Ain’t Youth Grand?

It’s a humid evening in June of 2001, when I, and my friend, Jayne, join the throngs of parents taking their children to the big NSync concert at Skydome in downtown Toronto. Our teen daughters, best friends, generate enough electricity between them to power ten city blocks of concert halls.

My own enthusiasm pales in comparison since, elected to be the evening’s chauffeur, I dread the thought of battling freeway congestion after an already long day fighting deadlines at work. I also feel rather petulant at the thought of having to fork over a sinful amount of cash for a parking spot that will no doubt still be a long hike away from our final destination.

Since the plan is to deliver the girls to their gate at Skydome and then meet up with them after the concert at a pre-selected spot outside the gate, I also wonder how Jayne and I are going to kill the next four hours without having to spend a week’s pay on designer coffees (or something stronger) in exchange for an air-conditioned place to rest our laurels.

Imagine our relief when we discover that Skydome’s Windows Restaurant has been converted into a “Parents’ Lounge” for the evening, complete with loads of couches and club chairs, a large-screen television playing music videos at one end, and overhead monitors at the other end broadcasting a variety of sporting events. It’s spacious yet cozy enough to allow tired moms and dads to deflate for the next couple of hours.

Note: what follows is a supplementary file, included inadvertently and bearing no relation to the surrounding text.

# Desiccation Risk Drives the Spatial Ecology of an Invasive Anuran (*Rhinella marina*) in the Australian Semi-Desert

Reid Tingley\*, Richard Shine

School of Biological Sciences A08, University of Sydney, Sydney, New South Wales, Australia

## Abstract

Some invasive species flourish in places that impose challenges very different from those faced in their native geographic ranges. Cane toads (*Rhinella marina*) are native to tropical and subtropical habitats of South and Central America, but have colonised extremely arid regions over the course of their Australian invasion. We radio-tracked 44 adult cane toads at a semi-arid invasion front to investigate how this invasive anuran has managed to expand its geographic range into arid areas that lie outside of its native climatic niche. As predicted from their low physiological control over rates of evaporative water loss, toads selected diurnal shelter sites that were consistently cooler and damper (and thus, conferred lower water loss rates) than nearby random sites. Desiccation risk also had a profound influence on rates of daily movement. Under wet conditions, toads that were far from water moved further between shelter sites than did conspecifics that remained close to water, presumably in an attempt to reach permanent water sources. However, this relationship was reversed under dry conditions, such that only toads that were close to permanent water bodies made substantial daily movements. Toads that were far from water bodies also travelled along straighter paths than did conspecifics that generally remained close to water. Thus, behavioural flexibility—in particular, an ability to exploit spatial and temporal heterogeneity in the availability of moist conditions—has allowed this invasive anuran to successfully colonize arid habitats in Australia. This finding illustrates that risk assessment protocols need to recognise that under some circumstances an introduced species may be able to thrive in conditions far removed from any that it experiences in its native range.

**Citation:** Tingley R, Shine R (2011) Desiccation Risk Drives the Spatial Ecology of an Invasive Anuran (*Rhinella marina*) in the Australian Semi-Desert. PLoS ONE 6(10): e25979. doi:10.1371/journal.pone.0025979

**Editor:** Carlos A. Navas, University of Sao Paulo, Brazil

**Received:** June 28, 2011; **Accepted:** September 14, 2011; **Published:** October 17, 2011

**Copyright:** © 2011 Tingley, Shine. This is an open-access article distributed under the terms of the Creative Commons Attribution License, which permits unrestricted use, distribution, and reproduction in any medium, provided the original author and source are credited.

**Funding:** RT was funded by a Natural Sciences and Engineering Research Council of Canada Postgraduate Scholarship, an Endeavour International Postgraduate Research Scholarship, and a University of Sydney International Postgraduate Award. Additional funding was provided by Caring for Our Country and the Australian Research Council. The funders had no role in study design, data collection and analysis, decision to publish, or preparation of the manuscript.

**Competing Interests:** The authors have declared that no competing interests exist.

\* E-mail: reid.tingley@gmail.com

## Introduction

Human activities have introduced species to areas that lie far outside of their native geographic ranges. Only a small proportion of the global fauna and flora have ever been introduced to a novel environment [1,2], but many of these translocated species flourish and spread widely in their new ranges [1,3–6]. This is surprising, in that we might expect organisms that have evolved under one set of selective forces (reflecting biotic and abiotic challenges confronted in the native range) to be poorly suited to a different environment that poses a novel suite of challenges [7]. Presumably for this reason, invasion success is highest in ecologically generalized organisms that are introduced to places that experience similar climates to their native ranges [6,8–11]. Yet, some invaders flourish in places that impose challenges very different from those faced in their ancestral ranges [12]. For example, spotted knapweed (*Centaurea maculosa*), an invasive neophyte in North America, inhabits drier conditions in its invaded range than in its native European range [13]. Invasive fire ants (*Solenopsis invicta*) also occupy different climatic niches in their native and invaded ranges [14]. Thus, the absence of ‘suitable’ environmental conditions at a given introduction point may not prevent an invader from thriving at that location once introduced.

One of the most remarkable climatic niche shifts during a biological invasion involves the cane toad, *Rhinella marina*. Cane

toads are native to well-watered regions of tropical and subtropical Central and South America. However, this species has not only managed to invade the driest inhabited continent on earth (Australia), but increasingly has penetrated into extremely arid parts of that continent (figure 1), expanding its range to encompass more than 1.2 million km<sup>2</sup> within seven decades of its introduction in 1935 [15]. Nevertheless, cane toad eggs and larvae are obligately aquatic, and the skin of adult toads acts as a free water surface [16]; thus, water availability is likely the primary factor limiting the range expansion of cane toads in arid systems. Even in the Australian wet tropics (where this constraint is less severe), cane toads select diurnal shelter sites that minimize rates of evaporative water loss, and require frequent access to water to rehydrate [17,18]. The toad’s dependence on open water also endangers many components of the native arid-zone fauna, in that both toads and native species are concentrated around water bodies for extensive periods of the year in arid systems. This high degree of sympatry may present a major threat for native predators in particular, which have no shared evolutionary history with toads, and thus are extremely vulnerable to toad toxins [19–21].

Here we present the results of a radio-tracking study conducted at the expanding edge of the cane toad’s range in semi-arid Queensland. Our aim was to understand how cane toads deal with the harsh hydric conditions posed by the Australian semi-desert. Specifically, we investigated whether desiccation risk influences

The relieved facial expressions around the room tell me that I’m not the only one here who is über-grateful. To boot, there is a refreshment station set up with an unlimited flow of complimentary coffee! Suddenly, life is just one big ol’ box of chocolates (Hershey’s rather than Lindt, mind you—but plenty good enough).

The boom-boom-booming bass vibrations that pound from the stage area beside us, and the eardrum-shattering screams of thousands of teenaged girls (proof that our kids are at least getting our money’s worth) is a small price to pay for the luxury of having a relatively comfortable place of our own to inhabit.

Of course, the stage itself is obscured from our view with a number of strategically placed tarpaulins. I suppose this is only fair, since the ninety-buck admission we were forced to pay for our kids did not extend to the ones who actually toiled for it, so I suppose it’s understandable that we should be banned from goggling at the mighty NSync through a wall of warped Plexiglas.

Securing a spot at a table that overlooks the equipment area behind the stage, Jayne and I pass the time watching a parade of roadies scuttling back and forth, back and forth. I’m aware that roadies travel and work with the band, but I’m still not sure what it is that they do exactly. For four hours, we entertain ourselves watching them pace from one corner to another. And here I thought that politicians were the only ones who’d mastered the art of appearing to do something while doing a whole lot of nothing.